About 25 Years Ago


What’s the right word? Svelte? Elegant? Appealing? All of the above?

About 25 years ago, my grandfather gifted me a beautiful Colt Woodsman Target pistol — and I do mean pristine. While the box was long gone, what emerged from the oil-soaked rag was one stellar example of mirror-polished blued metal — the kind you don’t see very often nowadays.

He wasn’t a “gun guy,” but owning a farm his entire life, he had occasional need for critter maintenance and, on rarer occasions, two-legged menaces. His revolver passed down from his father was bequeathed to him with two notches on the grip. We never knew the story behind those marks.

Upon seeing the Woodsman, I asked, “How long have you had this?” His answer? “About 25 years…” Well, as I later discovered, not quite, but we’ll come back to that.

While there’s patent info on top of the barrel, the rest of the
markings are short and to the point — no legal disclaimers!

Stories Included

We got to talking about the other guns he was giving to his grandchildren, several of which came from his service in World War II. A Captain in the 86th Blackhawk Division, he landed at LeHavre in March of 1945. Along with his 8,000 fellow soldiers, it didn’t take long to see the horror up close. The once-thriving port city was utterly destroyed. Wreckage everywhere, punctuated by misshapen iron, formerly support structures, warehouses and the usual port facilities.

He had never talked much about the war, but when the guns came out, he seemed to open up, just a bit. He maintained his lock on the ugly, as he had his entire life, but did share a few lighter anecdotes.

My brother ended up with an FN 1906 (you might know it as a 1905) .25 ACP vest pocket pistol, this one taken from a German officer. By April 1945, the 86th was coursing through the Ruhr under Patton’s 3rd Army and was taking prisoners by the tens of thousands.

I had to ask him how he brought it home. With a rare smirk from a very serious man, he told me. “Well, the way it worked, when we relieved the German prisoners of their guns, you could take one home, but you had to get permission from the officer in charge. As it turned out, I was the officer in charge of the prisoners…”

Before he went off to war, she worked at Hercules Powder Company.
Tom couldn’t resist picking up this memento at an antique store.

Woodsman: First Series

Colt began making the Woodsman in 1915. The First Series ran into 1942, although the Match Target variant ran into 1944. Second Series production ran from 1947 through 1955, and the Third Series continued to 1977. All told, the company made about 650,000 of these nifty hand plinkers.

The easy way to identify a First Series is to look at the serial number on the front strap. If it’s all numbers and no letters, it’s a First Series. The numbers ran from 1 to 157,037. One exception: the First Series Match Target models had an “MT” prefix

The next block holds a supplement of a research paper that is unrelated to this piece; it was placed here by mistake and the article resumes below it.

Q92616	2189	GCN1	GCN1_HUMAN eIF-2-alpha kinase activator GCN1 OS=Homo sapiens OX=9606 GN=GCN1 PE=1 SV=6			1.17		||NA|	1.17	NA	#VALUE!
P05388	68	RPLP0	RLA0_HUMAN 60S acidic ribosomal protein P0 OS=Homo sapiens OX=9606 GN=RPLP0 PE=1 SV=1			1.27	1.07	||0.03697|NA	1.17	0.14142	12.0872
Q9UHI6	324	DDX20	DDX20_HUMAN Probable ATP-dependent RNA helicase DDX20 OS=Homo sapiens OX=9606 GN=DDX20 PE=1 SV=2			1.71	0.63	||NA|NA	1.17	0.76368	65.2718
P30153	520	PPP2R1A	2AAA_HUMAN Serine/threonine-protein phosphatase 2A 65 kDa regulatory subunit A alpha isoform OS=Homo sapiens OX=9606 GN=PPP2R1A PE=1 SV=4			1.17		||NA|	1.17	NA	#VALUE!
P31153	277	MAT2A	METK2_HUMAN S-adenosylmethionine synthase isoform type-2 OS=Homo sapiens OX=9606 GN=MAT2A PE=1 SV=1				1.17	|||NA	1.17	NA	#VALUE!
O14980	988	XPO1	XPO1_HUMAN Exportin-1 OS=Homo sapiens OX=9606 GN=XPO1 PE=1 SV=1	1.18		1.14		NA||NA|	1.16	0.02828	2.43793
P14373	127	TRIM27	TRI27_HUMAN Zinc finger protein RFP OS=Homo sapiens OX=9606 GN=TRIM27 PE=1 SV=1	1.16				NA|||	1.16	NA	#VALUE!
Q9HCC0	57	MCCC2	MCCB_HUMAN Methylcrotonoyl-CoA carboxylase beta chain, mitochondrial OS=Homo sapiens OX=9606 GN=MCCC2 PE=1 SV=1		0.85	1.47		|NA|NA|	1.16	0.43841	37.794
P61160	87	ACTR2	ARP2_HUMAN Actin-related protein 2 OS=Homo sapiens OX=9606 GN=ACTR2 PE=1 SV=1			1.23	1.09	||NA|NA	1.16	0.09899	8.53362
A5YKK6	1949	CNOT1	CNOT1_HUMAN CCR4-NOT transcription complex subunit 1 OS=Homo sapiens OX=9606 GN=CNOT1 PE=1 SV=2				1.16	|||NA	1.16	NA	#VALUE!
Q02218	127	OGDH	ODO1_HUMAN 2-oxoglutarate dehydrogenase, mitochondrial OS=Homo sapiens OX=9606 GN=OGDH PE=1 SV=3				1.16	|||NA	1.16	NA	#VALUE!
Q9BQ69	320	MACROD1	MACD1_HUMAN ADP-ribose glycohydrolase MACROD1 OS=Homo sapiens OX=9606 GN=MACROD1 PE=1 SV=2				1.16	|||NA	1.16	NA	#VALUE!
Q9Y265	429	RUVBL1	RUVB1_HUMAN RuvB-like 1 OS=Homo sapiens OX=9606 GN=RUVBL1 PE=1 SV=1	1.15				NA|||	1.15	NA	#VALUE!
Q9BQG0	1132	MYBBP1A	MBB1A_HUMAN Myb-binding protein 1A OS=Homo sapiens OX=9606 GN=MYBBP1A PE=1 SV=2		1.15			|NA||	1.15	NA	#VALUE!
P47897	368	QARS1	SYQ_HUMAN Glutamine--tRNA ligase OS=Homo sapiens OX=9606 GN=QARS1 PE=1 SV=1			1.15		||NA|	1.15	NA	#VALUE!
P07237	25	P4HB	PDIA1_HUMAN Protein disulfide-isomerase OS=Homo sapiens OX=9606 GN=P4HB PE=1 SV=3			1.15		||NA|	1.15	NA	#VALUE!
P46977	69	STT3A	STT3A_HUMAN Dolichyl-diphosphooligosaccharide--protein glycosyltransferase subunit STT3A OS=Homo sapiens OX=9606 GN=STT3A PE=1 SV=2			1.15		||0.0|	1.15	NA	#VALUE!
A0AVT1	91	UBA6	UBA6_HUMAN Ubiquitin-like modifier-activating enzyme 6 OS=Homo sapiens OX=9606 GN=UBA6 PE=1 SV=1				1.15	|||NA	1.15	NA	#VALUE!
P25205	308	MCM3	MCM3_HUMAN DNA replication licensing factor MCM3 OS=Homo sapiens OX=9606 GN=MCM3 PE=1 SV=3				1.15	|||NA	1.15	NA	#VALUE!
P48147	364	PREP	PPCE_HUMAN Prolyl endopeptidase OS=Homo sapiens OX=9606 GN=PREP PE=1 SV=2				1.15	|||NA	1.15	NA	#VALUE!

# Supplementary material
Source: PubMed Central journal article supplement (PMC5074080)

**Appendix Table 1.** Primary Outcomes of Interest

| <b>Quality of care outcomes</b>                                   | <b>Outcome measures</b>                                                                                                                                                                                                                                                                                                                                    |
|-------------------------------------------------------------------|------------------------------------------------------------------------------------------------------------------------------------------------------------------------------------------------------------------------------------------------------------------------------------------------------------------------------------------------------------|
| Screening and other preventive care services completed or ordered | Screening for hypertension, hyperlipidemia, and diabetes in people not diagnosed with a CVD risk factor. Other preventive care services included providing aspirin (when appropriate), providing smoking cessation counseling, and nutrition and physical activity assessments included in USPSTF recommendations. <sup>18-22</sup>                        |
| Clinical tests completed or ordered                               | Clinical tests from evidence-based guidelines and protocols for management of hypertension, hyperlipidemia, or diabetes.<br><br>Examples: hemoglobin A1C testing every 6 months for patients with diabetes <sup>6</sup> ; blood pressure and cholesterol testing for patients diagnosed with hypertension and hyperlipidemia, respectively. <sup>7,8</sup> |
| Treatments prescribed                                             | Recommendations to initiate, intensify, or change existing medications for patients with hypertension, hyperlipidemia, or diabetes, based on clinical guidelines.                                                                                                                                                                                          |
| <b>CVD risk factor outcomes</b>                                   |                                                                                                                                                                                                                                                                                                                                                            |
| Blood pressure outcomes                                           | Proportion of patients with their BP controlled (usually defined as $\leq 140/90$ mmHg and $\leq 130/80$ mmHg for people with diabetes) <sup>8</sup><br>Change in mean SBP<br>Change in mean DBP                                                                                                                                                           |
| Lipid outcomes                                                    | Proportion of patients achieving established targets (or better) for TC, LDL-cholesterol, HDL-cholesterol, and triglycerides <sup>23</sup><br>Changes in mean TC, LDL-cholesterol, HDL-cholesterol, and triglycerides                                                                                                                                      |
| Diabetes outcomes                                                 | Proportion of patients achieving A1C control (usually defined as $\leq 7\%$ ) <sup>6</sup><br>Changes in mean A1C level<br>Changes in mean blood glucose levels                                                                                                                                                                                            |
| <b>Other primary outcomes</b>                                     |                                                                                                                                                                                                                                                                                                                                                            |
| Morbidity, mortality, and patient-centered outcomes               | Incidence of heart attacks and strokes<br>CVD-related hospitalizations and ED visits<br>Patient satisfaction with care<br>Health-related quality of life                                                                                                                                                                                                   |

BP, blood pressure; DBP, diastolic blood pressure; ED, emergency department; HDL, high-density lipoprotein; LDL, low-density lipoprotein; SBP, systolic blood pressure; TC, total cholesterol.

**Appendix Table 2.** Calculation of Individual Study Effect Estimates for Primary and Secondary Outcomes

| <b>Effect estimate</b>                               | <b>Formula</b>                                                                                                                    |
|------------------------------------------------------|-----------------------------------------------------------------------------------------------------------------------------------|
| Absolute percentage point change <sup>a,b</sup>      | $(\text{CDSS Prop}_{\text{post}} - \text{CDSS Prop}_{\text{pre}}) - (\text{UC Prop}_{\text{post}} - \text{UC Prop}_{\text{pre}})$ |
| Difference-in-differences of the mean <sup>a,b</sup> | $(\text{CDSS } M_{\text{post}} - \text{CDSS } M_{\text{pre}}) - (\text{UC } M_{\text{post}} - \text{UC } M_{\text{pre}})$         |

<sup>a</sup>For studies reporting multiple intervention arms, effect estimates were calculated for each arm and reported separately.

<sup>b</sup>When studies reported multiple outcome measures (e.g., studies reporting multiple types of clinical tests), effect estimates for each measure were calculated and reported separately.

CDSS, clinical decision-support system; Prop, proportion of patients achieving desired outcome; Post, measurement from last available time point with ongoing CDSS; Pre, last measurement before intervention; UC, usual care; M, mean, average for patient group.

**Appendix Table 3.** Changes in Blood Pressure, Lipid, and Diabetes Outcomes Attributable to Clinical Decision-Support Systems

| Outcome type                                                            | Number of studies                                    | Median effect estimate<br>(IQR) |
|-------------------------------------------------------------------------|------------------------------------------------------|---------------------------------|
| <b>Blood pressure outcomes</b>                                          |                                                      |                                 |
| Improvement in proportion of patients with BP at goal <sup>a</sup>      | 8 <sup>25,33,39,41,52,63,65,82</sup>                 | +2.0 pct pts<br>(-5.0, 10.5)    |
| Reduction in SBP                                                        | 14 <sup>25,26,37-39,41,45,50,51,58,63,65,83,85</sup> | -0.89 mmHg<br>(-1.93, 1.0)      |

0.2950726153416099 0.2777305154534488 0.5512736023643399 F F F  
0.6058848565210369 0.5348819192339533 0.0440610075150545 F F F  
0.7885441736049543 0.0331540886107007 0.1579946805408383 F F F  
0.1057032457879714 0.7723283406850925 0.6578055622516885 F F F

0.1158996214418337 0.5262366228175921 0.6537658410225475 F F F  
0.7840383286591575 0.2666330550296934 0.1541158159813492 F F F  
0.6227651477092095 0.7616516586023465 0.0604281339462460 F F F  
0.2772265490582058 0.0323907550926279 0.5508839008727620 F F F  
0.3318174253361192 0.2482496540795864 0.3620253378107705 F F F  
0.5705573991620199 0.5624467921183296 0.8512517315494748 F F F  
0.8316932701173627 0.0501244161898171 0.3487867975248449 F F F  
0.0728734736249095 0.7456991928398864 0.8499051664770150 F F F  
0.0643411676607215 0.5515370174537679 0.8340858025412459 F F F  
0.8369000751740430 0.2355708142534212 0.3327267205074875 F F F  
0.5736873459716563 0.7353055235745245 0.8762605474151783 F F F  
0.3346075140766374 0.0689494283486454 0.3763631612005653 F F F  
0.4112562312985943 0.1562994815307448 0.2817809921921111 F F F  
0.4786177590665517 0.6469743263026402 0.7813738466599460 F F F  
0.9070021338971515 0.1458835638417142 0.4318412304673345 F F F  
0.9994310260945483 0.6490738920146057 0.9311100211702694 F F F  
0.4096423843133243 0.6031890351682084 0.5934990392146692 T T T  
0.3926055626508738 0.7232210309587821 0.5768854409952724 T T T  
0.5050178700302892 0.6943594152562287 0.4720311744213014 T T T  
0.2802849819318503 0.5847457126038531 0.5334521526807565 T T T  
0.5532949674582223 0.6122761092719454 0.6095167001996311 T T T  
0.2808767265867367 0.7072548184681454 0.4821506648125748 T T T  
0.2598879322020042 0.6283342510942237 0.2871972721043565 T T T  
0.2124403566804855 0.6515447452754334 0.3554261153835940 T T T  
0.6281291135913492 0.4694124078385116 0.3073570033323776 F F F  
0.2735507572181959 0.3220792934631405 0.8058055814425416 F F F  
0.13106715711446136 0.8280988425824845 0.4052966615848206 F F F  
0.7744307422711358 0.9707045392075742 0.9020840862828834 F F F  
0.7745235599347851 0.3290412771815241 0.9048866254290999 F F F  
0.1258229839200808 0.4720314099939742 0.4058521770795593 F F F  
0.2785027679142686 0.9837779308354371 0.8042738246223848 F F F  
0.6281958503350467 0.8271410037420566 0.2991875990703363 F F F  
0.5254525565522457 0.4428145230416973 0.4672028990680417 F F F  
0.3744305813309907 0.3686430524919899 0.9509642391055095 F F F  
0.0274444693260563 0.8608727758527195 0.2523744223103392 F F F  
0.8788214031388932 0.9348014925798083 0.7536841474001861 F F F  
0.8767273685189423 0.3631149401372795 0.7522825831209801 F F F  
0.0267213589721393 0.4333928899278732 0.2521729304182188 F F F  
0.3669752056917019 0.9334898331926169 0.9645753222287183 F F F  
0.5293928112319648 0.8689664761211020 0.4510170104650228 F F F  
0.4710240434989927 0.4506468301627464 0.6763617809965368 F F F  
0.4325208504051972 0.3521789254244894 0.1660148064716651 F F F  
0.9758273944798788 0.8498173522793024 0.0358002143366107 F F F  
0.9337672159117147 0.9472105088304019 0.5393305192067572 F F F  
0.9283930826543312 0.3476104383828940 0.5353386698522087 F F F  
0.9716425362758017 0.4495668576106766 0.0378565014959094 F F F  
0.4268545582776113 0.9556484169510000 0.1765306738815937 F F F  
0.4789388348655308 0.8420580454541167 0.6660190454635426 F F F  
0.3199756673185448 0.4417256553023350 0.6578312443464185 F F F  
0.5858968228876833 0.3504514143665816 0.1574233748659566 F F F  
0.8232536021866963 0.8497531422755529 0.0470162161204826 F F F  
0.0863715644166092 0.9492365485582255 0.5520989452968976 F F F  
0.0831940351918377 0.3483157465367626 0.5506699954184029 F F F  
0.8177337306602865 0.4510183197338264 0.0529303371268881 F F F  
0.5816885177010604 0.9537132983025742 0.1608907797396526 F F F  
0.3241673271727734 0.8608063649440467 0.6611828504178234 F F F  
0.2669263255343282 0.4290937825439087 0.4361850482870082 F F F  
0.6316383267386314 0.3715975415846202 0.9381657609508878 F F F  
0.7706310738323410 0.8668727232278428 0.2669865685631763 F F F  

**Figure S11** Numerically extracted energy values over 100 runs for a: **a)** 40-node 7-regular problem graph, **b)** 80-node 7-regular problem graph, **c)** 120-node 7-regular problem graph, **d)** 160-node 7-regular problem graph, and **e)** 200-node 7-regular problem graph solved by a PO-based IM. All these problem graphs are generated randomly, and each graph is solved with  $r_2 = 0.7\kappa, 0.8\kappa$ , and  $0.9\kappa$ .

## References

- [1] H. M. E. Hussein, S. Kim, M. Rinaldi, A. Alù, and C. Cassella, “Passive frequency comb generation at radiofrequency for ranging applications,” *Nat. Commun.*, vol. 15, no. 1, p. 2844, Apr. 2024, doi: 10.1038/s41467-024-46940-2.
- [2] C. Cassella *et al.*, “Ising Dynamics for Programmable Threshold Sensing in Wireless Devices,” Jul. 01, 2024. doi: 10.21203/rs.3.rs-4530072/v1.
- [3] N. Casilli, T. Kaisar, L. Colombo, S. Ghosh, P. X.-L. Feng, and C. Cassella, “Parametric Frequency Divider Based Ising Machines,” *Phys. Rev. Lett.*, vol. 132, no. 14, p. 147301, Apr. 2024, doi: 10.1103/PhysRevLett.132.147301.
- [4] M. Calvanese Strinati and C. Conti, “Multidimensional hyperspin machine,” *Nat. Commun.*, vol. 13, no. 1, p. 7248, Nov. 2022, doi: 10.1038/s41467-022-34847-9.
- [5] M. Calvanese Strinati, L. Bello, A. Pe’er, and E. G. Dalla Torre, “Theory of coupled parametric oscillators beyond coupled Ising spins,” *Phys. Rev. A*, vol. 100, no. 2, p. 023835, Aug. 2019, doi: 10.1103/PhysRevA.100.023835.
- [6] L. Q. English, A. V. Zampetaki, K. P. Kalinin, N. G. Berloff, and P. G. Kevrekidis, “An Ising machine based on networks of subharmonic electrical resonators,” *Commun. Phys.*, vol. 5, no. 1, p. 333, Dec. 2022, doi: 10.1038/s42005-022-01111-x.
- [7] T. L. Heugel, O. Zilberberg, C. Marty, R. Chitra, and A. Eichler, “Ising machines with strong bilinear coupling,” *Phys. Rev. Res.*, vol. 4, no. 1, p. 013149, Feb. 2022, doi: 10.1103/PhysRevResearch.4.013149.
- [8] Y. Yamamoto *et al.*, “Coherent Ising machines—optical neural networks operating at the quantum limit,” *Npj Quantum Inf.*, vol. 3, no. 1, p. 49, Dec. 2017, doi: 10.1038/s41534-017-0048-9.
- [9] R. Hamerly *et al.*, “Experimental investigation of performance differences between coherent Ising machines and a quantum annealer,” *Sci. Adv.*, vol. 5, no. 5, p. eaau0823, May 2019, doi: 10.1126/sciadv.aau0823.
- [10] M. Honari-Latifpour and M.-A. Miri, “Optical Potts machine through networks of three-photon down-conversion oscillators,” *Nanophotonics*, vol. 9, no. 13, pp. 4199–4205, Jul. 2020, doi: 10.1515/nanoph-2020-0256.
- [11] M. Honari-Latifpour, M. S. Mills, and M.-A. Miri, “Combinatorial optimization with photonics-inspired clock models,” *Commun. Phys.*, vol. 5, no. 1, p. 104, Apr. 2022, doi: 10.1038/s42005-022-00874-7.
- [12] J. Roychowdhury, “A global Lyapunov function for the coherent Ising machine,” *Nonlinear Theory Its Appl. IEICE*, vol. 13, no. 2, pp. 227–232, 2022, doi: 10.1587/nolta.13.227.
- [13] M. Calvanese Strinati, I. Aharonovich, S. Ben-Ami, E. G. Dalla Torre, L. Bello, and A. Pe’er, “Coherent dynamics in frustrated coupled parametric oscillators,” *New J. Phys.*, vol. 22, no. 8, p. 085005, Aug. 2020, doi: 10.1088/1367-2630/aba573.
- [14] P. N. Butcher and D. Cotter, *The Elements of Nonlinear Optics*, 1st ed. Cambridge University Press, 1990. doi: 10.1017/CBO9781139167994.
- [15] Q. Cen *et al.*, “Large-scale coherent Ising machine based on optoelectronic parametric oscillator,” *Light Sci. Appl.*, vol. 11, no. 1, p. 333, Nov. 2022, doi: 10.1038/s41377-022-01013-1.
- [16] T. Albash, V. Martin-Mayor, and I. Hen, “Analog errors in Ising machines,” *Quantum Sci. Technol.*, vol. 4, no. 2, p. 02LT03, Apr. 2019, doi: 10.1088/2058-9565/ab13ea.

The horizontal marks indicate this First Series is
safe to fire with High Velocity .22 ammo.

Elegance In Steel

This sample is a target model with a 65/8″ round barrel. Other Woodsmans came with flat-sided barrels, but this one, being long and slender, just screams for the curves of the trigger guard and frame blending smoothly into the barrel itself.

Being made back when people had sense, you won’t find any of the modern trash engraved. You know, like, “This is a firearm, don’t shoot yourself!” Instead, on the left side of the frame is simple “The Woodsman” followed by “Colt,” the caliber and the iconic pony.

The first series marked the transition from .22 standard to .22 High Velocity. Serial numbers aren’t an exact indicator, but if you look at the top of the backstrap in the beavertail area, you’ll see a pattern of chiseled horizontal lines. If you see checkering, it’s an earlier model, only appropriate for standard velocity. I stick to match ammo with this one. It just seems right.

While later models used pushbutton magazine releases near the trigger guard, this one’s European styling, with its heavily raked grip, is at home with the heel magazine release.

Without a doubt, this is the most beautiful gun I own. Yes, it’s a looker, but I have to admit much of its appeal is its family heritage.

About 25 Years Ago

Months later, when I discovered the real acquisition date of this beautiful pistol (1936 or possibly ’37), I had to share the news over a family dinner. “Grandpa, you didn’t buy that pistol 25 years ago, it was in 1936!” We had a good chuckle and he observed, “Well, maybe I’ve had it a little longer than I thought.”

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